Barry Chin/Globe Staff
“We’re going to win so much, you’re going to get tired of winning,” — Donald Trump, February 2016.
Let the pigs fly.
Let hell freeze over.
And, please, pass the whiskey and the Valium.
Because, yes, finally, it’s true: I agree with Donald Trump.
I got tired of winning.
That’s the only explanation for my serene, almost catatonic reaction to the Patriots losing what, for my money, was the most entertaining Super Bowl ever.
Some would argue that last year’s scintillating comeback win over the Atlanta Falcons was the greatest Super Bowl. And it is hard to argue that it wasn’t the most improbable Super Bowl win that the Patriots have compiled in an extraordinary streak since Tom Brady took over as quarterback 18 years ago.
But Sunday night’s slugfest between the Patriots and the Philadelphia Eagles was like watching a back-and-forth, see-saw heavyweight fight, or at least your average SEC title game.
As the Pats and Birds went up and down the field during the second half, I was sitting on a couch in a gorgeous part of rural Virginia with the great Robert “Rosie” Rosenthal. Rosie has done some pretty extraordinary work at some of the best newspapers in America, among them The Boston Globe, where he made his bones, and the Philadelphia Inquirer, where he spent 22 years, rising to become the paper’s top editor.
“C’mon,” Rosie said, turning to me, prior to the game, “can’t you guys let Philly win one?”
Turns out we could, with aplomb.
The Eagles had never won a Super Bowl. During the game, NBC kept cutting to 99-year-old Phil Basser in one of the boxes at U.S. Bank Stadium In Minneapolis. He is a lifelong, diehard Eagles fan who wanted to see them win the big one before he died.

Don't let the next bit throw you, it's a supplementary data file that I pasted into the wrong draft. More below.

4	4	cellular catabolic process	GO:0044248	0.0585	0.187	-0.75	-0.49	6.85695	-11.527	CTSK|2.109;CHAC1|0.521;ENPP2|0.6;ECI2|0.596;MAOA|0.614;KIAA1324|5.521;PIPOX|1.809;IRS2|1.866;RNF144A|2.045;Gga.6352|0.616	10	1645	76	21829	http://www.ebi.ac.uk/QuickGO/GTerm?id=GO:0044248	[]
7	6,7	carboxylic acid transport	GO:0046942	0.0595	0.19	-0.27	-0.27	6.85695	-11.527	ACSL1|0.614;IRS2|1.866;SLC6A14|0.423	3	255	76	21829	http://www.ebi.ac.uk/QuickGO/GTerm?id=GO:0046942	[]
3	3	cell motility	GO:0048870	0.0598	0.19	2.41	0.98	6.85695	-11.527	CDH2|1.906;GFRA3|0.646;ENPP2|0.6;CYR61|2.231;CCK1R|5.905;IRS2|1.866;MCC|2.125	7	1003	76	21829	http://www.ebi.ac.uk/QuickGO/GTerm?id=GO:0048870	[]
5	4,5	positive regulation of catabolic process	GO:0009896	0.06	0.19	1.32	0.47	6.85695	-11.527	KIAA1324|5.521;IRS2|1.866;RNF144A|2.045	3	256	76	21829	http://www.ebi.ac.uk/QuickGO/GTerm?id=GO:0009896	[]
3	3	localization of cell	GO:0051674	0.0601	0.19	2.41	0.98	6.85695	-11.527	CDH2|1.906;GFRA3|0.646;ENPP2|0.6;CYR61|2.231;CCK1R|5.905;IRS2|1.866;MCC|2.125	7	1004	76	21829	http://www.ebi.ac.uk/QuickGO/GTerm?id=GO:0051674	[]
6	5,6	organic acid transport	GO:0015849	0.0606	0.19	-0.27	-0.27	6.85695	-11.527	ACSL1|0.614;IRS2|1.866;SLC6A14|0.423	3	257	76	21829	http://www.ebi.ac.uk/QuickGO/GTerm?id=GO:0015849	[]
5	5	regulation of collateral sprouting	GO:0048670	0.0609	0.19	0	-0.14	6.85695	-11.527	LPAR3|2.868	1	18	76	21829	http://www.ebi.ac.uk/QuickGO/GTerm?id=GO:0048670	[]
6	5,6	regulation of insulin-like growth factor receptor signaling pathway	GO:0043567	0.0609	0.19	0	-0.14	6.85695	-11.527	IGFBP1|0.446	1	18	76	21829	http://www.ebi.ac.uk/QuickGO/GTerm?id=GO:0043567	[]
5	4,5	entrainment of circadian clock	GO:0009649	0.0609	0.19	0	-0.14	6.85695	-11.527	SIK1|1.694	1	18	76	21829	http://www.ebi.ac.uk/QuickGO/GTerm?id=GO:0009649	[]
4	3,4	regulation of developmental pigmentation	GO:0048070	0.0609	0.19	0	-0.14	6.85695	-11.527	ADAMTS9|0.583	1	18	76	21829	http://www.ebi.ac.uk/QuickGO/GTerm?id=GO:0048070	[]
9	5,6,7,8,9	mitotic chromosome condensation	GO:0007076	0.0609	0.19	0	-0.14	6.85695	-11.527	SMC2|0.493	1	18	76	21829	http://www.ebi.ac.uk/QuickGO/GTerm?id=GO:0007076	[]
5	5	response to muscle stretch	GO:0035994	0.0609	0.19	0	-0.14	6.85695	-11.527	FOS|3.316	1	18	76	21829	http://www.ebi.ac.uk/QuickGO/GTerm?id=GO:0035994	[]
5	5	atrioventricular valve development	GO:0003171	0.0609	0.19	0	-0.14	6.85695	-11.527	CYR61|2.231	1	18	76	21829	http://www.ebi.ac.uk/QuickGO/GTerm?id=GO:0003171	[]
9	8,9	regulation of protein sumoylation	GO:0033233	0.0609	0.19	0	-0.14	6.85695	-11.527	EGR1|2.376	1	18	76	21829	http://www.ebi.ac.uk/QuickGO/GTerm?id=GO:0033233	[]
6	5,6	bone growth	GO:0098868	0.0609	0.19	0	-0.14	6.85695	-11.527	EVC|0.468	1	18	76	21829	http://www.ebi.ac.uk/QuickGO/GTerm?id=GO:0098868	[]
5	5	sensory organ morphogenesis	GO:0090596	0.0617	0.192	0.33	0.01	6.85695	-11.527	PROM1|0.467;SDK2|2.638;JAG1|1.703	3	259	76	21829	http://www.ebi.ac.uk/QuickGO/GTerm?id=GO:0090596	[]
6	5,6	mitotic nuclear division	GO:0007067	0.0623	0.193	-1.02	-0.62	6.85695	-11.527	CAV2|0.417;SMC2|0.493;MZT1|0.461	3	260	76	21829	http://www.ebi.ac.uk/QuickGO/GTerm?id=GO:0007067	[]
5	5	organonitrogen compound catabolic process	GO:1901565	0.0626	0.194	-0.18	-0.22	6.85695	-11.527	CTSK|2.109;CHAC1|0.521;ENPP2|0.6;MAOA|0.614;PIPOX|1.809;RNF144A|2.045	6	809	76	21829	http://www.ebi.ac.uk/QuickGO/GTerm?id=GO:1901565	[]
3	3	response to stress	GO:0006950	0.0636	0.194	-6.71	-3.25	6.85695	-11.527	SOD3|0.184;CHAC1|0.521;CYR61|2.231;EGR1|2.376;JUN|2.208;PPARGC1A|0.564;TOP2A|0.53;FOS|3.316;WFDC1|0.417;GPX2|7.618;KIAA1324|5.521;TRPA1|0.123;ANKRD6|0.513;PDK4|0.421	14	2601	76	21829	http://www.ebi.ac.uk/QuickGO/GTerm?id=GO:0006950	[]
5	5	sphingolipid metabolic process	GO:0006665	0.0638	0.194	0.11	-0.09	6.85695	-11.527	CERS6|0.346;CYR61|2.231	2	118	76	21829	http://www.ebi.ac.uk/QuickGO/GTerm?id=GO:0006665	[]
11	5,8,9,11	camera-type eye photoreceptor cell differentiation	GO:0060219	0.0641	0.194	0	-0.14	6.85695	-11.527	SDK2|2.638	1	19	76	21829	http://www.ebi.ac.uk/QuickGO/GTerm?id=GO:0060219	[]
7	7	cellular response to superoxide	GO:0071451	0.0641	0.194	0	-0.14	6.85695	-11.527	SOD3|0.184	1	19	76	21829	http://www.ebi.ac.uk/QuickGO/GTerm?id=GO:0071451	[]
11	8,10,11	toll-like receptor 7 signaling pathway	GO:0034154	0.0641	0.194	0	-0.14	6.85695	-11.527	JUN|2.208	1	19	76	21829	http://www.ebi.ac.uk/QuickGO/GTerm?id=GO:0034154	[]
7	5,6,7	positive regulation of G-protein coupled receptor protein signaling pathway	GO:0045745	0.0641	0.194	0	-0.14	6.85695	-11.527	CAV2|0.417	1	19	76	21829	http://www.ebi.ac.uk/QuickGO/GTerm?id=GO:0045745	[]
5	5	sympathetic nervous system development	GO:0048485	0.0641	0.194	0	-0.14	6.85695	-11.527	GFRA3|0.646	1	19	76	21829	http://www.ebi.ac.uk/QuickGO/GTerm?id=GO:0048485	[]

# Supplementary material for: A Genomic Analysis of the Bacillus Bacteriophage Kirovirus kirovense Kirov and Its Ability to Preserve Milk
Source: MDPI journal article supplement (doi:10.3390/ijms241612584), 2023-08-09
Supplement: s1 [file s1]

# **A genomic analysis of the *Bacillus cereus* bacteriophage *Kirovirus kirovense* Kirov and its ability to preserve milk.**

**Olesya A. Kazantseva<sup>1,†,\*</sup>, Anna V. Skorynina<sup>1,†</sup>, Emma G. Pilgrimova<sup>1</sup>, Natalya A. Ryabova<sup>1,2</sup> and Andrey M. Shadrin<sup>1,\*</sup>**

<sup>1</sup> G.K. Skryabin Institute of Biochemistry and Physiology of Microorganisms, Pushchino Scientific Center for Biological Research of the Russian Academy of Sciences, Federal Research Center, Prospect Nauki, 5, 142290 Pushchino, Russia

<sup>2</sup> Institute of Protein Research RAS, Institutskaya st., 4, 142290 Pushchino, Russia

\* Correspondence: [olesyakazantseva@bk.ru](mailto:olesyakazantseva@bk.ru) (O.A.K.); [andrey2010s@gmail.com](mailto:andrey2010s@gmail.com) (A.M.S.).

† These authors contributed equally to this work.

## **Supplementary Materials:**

Phil Basser’s mom died when he was 4. His dad couldn’t cope, so he and his sister got sent to a foster home in the Germantown section of Philly. His sister Rose died when he was 8. Phil Basser started going to Eagles games after the team was founded in the 1930s. He couldn’t go to Eagles games during World War II and the Korean War because he was too busy serving his country. His daughter Faith died of cancer at 44 and another daughter, Mindy, and her husband donated $55 million to open a cancer center at the University of Pennsylvania.
Phil Basser’s wife, Pearl, a Philly girl, died last April at 89. They had been married for 65 years.
Are you telling me you’re going to begrudge a great American like Phil Basser seeing his beloved Eagles win a Super Bowl before he dies? Not me. Enjoy the ride, Mr. Basser. And thank you for your service and for your wonderful family.
Phil Basser made me think of all the elderly Red Sox fans who, after the Sox finally broke the 86-year curse and won the World Series in 2004, said they could die in peace. Some of them were my aunts and uncles, and I’m sure some of them were your aunts and uncles and parents and grandparents.
Hyperbolic? Sure, but it’s also true, it’s also real. They are just games, but they are also moments we measure our lives by, as sure as the pencil marks your parents put on the door frame as you grew as a kid.
Losing, it turns out, isn’t all that hard. It’s all about perspective.